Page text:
home Antimicrobials and Resistance, Bioinformatics, Job postings, Sequencing Job: antibiotic resistance in 100k TB genomes

Job: antibiotic resistance in 100k TB genomes

Hi All

I’d just like to highlight a job we are advertising, to lead the bioinformatic (sequence+variation) analysis of 100,000 M tuberculosis genomes which we are sequencing (WGS), ~50,000 of which will be phenotyped for 12 drugs, and the remainder for some subset. Note the deadline is very soon – Monday 6th March!

This project is run by a global consortium (http://modmedmicro.nsms.ox.ac.uk/cryptic/) including CDC Atlanta, CDC China, Oxford, Germany, Peru, Vietnam, and many others, funded by the Gates Foundation and Wellcome Trust/Newton Fund. The goal is to produce a better catalog of drug resistance mutations than the one we have now, in order to enable WGS for clinical application. All sequence and phenotypes will be placed in the public domain.

The job description is here


with a link to a fuller specification. Basically the job is to work with me on the variation/genome analysis of these 100k genomes; our immediate “customers” would be the statistics, GWAS and machine learning teams primarily at Oxford. In addition, you would get to work with the other half of my team, working on public TB “graph genome” database. Here’s a video of a precursor:


This is an unusual bioinformatician role where there is a clear and direct route from the work done to concretely improving human health. The UK has already moved to sequencing by default when faced with potential TB patients, and our software is already embedded in that pipeline. The learnings from this project could go on to make a direct impact on clinical care across the world.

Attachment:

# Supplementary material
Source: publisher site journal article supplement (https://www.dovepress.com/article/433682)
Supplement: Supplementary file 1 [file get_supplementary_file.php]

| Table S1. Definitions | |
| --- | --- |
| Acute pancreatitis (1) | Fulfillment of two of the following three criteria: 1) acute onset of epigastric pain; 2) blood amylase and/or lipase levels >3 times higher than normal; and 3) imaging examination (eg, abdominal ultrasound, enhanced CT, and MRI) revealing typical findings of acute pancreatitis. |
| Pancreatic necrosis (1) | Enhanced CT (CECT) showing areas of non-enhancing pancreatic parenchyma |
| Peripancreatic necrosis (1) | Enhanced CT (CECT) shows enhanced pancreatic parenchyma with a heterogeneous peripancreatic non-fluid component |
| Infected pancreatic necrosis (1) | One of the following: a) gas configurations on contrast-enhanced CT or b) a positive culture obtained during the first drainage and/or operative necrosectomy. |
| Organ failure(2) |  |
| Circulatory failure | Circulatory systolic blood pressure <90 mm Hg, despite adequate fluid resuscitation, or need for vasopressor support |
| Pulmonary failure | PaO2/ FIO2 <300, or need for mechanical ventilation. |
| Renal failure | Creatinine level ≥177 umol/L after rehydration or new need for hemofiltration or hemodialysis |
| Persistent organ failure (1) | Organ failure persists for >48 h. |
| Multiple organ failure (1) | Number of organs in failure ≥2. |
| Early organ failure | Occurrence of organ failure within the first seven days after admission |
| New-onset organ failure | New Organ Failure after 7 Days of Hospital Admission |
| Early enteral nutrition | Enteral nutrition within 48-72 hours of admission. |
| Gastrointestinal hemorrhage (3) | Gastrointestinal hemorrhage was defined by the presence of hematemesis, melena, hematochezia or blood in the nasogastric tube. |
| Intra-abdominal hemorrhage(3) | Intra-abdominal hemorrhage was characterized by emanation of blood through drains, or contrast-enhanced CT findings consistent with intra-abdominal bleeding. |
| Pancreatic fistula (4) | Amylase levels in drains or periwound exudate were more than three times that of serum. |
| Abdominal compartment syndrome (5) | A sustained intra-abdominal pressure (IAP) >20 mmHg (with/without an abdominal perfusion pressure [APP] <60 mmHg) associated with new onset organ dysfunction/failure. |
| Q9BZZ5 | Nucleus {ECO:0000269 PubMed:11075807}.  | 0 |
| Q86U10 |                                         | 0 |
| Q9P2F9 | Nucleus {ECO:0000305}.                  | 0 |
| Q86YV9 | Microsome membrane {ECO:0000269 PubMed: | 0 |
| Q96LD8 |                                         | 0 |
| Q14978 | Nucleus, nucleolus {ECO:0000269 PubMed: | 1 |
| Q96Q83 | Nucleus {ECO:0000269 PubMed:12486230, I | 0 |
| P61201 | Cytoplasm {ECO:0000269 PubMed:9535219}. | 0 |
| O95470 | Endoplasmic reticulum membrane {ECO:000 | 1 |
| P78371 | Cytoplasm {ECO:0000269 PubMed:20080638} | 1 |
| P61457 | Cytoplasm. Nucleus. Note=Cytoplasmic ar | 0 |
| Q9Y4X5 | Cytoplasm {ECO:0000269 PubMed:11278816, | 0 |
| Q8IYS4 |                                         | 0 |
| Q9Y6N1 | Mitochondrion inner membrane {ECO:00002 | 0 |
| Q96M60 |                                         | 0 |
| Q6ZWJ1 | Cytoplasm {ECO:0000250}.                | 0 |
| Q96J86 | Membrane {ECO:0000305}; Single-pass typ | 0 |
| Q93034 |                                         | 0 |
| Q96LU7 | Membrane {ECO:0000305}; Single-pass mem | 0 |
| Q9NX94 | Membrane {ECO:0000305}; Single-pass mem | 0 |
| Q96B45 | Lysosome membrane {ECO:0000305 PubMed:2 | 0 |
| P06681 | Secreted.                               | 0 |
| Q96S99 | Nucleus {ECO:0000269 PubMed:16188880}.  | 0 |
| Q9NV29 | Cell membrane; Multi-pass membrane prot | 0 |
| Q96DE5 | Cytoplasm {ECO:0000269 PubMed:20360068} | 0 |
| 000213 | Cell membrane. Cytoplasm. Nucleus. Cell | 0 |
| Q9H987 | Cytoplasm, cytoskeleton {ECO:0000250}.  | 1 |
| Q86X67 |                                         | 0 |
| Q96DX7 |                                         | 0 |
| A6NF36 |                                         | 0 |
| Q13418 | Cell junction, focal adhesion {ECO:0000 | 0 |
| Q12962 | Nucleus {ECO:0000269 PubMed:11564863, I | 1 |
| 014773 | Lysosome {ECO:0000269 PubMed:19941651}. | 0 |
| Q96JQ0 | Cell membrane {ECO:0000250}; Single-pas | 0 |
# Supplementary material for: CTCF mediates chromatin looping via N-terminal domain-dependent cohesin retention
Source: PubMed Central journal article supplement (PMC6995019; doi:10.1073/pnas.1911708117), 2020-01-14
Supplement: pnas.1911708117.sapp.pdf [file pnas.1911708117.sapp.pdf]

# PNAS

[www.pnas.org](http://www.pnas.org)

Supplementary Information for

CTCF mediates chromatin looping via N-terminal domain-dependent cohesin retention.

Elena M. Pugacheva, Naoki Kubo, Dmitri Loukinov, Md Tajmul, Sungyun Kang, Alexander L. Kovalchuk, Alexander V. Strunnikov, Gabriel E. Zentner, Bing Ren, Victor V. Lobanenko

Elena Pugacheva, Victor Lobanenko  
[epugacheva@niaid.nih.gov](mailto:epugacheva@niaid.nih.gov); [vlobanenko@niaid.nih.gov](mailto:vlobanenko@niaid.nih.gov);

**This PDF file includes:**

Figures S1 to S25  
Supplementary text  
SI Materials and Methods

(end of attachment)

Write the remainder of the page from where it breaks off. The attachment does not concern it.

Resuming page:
The job is based at the European Bioinformatics Institute, just outside Cambridge, UK, although he employer is Oxford University. Here’s a picture of the campus:

and here from further away

Recent work that is related from our group includes 

 – sequencing Mtb from liquid culture (https://www.ncbi.nlm.nih.gov/pubmed/25631807)

 – applying the above prospectively in a public health lab (https://www.ncbi.nlm.nih.gov/pubmed/26669893)

 – Rapid and automated antibiotic resistance prediction for Staph and TB (http://www.nature.com/ncomms/2015/151221/ncomms10063/full/ncomms10063.html)

 – Same-day WGS of Mtb direct from sputum without culture, using lllumina and Nanopore (http://biorxiv.org/content/early/2016/12/16/094789 )


Zamin Iqbal

Zamin Iqbal builds computational models of microbial genomes. These models are important tools for understanding the key forces that shape evolution, establishing how genotype affects biological traits and exploring concepts such as ancestry and infection. The standard model for analysing a species is to take a random individual, reconstruct its genome and make an assumption that all other genomes from that species are mostly the same. This reduces sequence analysis to a simple string matching problem (“read mapping”). When this assumption is true, the method works well; however, for many regions of genomes (e.g. the human MHC, surface antigens in P. falciparum, the non-core part of any bacterial genome), this assumption is false. Our group works on this problem, developing computational methods for representing genetic variation, and using them to study bacteria and parasites. We work closely with species experts, and draw on concrete exemplars of challenging cases to fine-tune our models and methods. Our methods include Cortex and more recently a modified Burrows Wheeler Transform approach that naturally models the impact of recombination, finding mosaic paths through a reference panel of genomes. Our translational work focuses on applying whole-genome sequencing to pathogens in a clinical setting. We have developed a rapid, lightweight app (called Mykrobe Predictor) for predicting antibiotic resistance given sequence data from a sample of S. aureus or M. tuberculosis, and are working on testing, updating and extending this to other species. To enable strain and resistance surveillance, we are building online genome graph databases of pathogen variation.

Leave a Reply

This site uses Akismet to reduce spam. Learn how your comment data is processed.

%d bloggers like this: